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Zero basing budgets and roles

Zero basing budgets and roles

One of the phrases I have heard a lot in the past six months is Zero Based Budgeting.  Like many of the ‘new’ approaches that are sweeping the world at the moment, this is not a new idea.

It emerged in the early 1970s, although it was originally little more than a mechanism for re-setting the budget process whereas now it has garnered more support by evolving into a more mature process that can be used by organisations to not only set a more effective budget but to then track actual activity against that budget and re-set activities accordingly.

This is especially applicable to IT functions where the traditional approach to budgeting has been to examine last year’s spending, make adjustments for inflation and refresh cycles, add in new projects and remove any completed projects.

Whilst a useful ready reckoner, this approach results in very stagnant behaviour and is often the consequence of simply ‘doing the same again’.  The trouble with doing the same again is either we end up doing precisely that, which is anathema to innovation or we end up so diverged from the original thinking that the budget is essentially useless.

The reality is that an effective budget should not only reflect the intentions of the business (or IT function) but should also be a fundamental element that drives those intentions in the right direction.

One of the keys to innovation is to be able to re-allocate funding into new or emerging markets, business units or brands but using the more traditional approach to budgeting often means that the majority of spending is trapped in the historical cycle and cannot easily be re-allocated so starving the innovation areas.

Truly innovative companies are those that more effectively re-allocate funds to where they are needed.  This fluidity of financial movement is something that start-ups are more able to do, hence the continual emergence of disruptors into many markets.

To allow more mobile funding, zero based budgeting has become far more popular as it allows future funding to be aligned more effectively with the needs of organisations in the current fast-paced World.

Zero based budgeting is essentially a process of ignoring any previous budget and setting all expenditure items to zero.  The owners of the various elements of the organisation must then, at a very granular level, justify their cost requests for the budget period.

These requests, when approved, then become the budget and they are not assessed with any comparison to previous periods but only in terms of need for the future.  This approach allows for top-level strategic goals to be built into the budgeting process by tying the goals to specific functional areas within an organisation.

Traditional budgeting, which generally results in incremental increases over previous budgets, only properly analyses new costs as these are usually additions to the cost base.  Zero based budgeting analyses all costs within the budget which means a justification is then required for old, recurring costs as well as net new costs.

This approach ensures that budget holders are required to justify all expenses and is intended to drive value for an organisation as well as creating more mobility in costs to allow a greater speed of change within an organisation.

For example, within an IT function, many traditional budgets contain requirements for the renewal of software licenses.  These are often increased by the provider and the actual increase can become lost in the general uplift of licensing costs year on year.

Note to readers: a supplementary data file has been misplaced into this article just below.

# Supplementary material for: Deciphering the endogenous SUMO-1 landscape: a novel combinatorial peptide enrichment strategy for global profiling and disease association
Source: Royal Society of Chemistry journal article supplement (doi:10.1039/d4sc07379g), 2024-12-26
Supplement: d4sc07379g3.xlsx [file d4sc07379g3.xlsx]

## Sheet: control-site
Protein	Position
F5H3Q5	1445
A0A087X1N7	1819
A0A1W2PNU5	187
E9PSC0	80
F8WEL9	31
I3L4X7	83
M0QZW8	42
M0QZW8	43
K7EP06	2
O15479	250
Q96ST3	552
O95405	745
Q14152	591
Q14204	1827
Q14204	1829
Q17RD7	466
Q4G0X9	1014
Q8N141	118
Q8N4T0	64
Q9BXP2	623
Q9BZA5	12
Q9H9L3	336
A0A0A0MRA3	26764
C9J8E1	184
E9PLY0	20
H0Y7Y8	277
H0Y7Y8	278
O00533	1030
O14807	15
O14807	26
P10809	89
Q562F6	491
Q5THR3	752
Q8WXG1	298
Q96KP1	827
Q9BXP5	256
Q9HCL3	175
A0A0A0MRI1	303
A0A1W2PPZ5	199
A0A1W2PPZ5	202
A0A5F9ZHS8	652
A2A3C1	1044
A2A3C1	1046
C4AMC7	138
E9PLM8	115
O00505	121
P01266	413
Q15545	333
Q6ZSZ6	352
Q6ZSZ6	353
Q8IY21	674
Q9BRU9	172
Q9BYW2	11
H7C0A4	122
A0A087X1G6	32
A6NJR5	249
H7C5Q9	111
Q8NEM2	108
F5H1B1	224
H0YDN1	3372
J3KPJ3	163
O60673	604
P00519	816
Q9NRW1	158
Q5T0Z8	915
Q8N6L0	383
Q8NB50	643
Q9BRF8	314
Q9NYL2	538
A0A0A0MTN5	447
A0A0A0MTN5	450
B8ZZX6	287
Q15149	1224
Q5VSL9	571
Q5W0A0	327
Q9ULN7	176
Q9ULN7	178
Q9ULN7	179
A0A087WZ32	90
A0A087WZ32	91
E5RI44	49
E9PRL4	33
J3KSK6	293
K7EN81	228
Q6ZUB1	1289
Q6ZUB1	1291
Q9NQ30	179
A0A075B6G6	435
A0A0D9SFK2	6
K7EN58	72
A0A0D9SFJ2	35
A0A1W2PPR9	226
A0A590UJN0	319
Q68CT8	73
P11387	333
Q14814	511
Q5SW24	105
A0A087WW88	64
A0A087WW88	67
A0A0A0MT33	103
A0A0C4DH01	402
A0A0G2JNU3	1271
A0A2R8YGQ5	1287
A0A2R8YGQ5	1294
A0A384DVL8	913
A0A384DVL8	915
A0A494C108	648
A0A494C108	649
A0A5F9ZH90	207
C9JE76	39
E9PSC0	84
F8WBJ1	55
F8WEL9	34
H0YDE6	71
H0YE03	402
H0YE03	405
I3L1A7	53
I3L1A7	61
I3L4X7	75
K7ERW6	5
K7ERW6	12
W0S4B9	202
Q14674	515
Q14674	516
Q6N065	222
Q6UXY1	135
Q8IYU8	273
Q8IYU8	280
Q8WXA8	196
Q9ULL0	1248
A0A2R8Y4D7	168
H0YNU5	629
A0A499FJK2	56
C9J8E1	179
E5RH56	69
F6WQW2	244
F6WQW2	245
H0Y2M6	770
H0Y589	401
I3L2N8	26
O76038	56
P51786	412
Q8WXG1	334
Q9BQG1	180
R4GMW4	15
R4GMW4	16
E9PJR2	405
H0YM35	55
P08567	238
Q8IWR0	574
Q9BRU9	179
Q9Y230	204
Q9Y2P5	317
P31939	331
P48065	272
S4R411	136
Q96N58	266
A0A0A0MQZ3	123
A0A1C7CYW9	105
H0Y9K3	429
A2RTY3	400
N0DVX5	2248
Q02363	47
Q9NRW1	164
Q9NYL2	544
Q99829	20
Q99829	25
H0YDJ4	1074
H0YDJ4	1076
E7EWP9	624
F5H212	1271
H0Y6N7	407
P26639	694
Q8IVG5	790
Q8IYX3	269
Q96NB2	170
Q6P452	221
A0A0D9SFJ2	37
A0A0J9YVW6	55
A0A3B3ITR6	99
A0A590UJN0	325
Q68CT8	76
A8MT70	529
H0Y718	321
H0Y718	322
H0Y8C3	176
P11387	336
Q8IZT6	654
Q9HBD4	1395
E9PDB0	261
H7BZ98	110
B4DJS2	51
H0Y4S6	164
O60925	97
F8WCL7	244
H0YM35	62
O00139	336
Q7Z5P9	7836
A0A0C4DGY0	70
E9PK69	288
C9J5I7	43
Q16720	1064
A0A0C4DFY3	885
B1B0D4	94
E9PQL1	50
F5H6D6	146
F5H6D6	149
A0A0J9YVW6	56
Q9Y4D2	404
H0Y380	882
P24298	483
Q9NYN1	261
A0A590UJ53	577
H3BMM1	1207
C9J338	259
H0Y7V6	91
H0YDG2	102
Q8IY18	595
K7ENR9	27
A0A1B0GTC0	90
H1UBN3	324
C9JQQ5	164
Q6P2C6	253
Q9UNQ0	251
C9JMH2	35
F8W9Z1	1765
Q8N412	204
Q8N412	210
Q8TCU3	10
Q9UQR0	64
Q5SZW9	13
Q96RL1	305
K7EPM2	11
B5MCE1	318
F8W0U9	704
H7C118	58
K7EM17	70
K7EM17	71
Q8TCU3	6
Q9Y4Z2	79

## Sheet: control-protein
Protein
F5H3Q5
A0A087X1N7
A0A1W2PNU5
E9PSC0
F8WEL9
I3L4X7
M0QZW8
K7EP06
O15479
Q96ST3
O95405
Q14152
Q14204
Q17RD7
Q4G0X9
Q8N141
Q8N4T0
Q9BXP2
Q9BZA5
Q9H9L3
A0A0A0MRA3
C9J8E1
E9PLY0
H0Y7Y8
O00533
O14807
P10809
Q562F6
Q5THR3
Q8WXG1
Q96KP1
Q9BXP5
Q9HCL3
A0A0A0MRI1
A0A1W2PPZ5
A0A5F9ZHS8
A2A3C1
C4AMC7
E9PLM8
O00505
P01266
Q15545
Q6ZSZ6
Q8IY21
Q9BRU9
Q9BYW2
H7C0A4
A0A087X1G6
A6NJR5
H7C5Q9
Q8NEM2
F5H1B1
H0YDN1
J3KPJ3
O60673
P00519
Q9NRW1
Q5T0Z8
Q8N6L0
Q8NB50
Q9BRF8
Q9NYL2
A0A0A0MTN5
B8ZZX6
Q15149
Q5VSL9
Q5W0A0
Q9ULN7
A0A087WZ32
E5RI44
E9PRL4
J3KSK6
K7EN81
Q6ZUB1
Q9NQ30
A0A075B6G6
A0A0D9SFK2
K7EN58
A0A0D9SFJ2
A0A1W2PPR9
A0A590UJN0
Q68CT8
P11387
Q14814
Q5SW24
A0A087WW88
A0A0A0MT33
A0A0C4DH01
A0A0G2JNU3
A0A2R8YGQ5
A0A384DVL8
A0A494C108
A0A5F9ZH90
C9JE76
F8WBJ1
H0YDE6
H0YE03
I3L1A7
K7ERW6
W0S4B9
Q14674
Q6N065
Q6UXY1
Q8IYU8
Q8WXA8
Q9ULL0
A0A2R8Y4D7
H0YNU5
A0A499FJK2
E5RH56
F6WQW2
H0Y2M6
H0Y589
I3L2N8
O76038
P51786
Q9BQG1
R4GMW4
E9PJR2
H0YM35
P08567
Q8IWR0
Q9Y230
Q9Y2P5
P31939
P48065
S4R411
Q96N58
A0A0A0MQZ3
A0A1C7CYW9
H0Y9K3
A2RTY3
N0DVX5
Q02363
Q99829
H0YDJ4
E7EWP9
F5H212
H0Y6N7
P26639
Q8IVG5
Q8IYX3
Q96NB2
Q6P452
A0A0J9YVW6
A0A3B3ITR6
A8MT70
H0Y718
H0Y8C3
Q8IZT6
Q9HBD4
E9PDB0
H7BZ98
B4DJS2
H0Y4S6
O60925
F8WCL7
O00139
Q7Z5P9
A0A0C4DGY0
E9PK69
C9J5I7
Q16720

If, however, all these items are set to zero, the budget holders are then encouraged to explore other software options or other delivery options with their current provider.  Many software vendors will not actively switch their existing customer base from traditional licensing to a more cost-effective Software as a Service solution unless asked and the customers often do not ask as they simply accept annual increments to the budget as ‘normal’.

In a similar vein, as organisations adopt more cloud-based services and infrastructure, they often do not strip their usage to zero and examine the costs of their cloud environment in general.

Many cloud expenditure budgets are regularly increased with the increased being masked by the justification that more cloud is being used therefore costs are likely to increase.

Taking a zero based approach means that all usage is closely examined and has to be justified and this often results in a decrease in the cost base as straightforward efficiencies are identified.

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There is an obvious downside to this approach, however.  A traditional budget has the advantage of a starting point to which only new costs need to be added and more obvious savings removed.

Zero basing the budget means that every element of the cost base needs to be examined, reviewed and justified before it can be included in the budget and this creates a lot of work.

The volume of work may actually justify a line in the budget of its own but once a rhythm is established and the habit of all members of an organisation becomes one of cost guardian then the benefits are enormous.

The most obvious benefit is the ability to understand and, therefore, remove obvious waste in an organisation.  However, perhaps the most important benefit in this age of disruption and the need for agility is that money can become more mobile and applied more effectively to the development of new solutions within organisations which can then be used to generate more revenues.  None of this will work, though, without a fundamental change in approach across an organisation to how budgets are created and then managed.

Traditional budgets are notoriously inaccurate during times of change because they are predicated on what is often many years of historical inaccuracy that has become embedded within the budget system.

Line items may have existed for many years, often unchallenged as ‘the cost of doing business’ and will then have been incremented over the years by inflation or third-party price increases.